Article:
Although Scientology attempted at the last minute to withdraw its cassation appeal, the Advocate General is now advising the Court to examine the substance of the case, “having regard to the unity of the legal system or the development of the law, or in view of its significance in practice.” If the Court follows this advice – and there is every likelihood that it will – the withdrawal will be formally recognised, but the Court will examine the substance of the arguments put forward on copyright, the liability of internet providers and freedom of information. This means that the case law that Spaink and XS4ALL so ardently wish to see will be a reality.
XS4ALL and Spaink are delighted that the Supreme Court is finally able to give its opinion on the case. Over the last 10 years XS4ALL has had to incur high costs to defend itself – partly on behalf of all other internet providers – against the legal onslaught from Scientology. XS4ALL and Spaink have persevered with these proceedings precisely to defend freedom of speech to the hilt. The Advocate General explains that parties to a lawsuit do not have an automatic right to withdraw proceedings at any time of their choosing “as if no interests of other parties were at stake”. “Anyone who confronts his adversary with uncalled-for cassation proceedings and in so doing puts him to great expense (…) does not, in my opinion, merit such absolute freedom, either from a moral or from a legal perspective.” Such a withdrawal also does no justice to society, the Advocate General writes, because the State too has incurred costs.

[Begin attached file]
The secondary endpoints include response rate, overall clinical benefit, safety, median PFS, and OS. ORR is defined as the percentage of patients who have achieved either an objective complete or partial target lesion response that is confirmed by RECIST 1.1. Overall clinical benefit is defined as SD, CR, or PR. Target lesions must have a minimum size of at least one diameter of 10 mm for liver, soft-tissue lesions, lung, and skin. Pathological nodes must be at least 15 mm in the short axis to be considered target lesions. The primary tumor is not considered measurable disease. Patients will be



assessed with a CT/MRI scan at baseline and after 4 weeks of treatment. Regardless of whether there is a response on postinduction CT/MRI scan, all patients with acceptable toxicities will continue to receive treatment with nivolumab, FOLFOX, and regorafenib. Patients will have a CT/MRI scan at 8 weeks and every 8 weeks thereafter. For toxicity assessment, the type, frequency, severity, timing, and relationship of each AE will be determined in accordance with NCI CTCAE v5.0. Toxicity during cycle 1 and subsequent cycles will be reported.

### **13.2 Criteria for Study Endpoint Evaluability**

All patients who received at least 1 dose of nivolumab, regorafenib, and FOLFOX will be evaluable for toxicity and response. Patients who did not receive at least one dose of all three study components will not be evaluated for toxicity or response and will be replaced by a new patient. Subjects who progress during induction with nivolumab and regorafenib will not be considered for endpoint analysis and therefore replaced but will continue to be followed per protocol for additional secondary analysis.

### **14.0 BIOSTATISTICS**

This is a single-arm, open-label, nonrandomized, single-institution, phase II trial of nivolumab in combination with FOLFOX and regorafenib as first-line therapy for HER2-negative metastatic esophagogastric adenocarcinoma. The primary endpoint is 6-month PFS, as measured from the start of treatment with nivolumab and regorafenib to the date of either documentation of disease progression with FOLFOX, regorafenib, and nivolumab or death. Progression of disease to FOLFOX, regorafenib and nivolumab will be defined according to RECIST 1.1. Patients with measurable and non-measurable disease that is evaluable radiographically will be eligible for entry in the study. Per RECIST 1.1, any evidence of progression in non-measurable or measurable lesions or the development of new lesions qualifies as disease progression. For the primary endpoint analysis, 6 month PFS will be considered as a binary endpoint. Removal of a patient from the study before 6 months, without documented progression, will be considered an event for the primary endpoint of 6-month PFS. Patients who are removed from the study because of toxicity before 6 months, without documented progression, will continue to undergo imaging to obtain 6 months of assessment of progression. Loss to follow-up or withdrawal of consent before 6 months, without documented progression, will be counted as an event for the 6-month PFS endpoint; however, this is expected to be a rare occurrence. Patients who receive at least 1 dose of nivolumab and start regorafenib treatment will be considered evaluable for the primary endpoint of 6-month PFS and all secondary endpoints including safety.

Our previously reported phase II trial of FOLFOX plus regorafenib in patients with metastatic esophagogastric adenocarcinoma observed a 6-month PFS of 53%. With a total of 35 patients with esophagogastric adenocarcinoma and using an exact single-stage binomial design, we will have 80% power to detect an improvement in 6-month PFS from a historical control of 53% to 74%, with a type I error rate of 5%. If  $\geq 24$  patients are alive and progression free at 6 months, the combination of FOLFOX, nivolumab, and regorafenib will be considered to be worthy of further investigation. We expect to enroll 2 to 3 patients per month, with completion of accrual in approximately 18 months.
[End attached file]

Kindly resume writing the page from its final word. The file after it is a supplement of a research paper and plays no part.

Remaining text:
Scientology has a tendency to withdraw at the last minute from lawsuits which it instigates. That has happened twice in the Netherlands. The first interim injunction proceedings in the autumn of 1995 were withdrawn by Scientology two days before the session and in 1998 an appeal lodged by Scientology was withdrawn a few days before the oral pleadings (which by then had been fully prepared). This pattern has been repeated in many lawsuits abroad.
This particular case has been running since 1995, when Karin Spaink first placed documents drawn from the doctrine of Scientology, originating in an American lawsuit, on her website. Computers were seized on XS4ALL’s premises. Spaink, XS4ALL and 20 other internet providers whose subscribers had placed Scientology documents on their websites were summoned to appear in interim injunction proceedings. The presiding judge dismissed Scientology’s claims. A long drawn-out lawsuit ensued, in which the proceedings constantly went in favour of Spaink and XS4ALL. In September 200 the Court of Appeal in The Hague ruled that Spaink’s right to freedom of speech in exposing the dubious doctrine of Scientology weighed more heavily than the copyright of the ‘church’.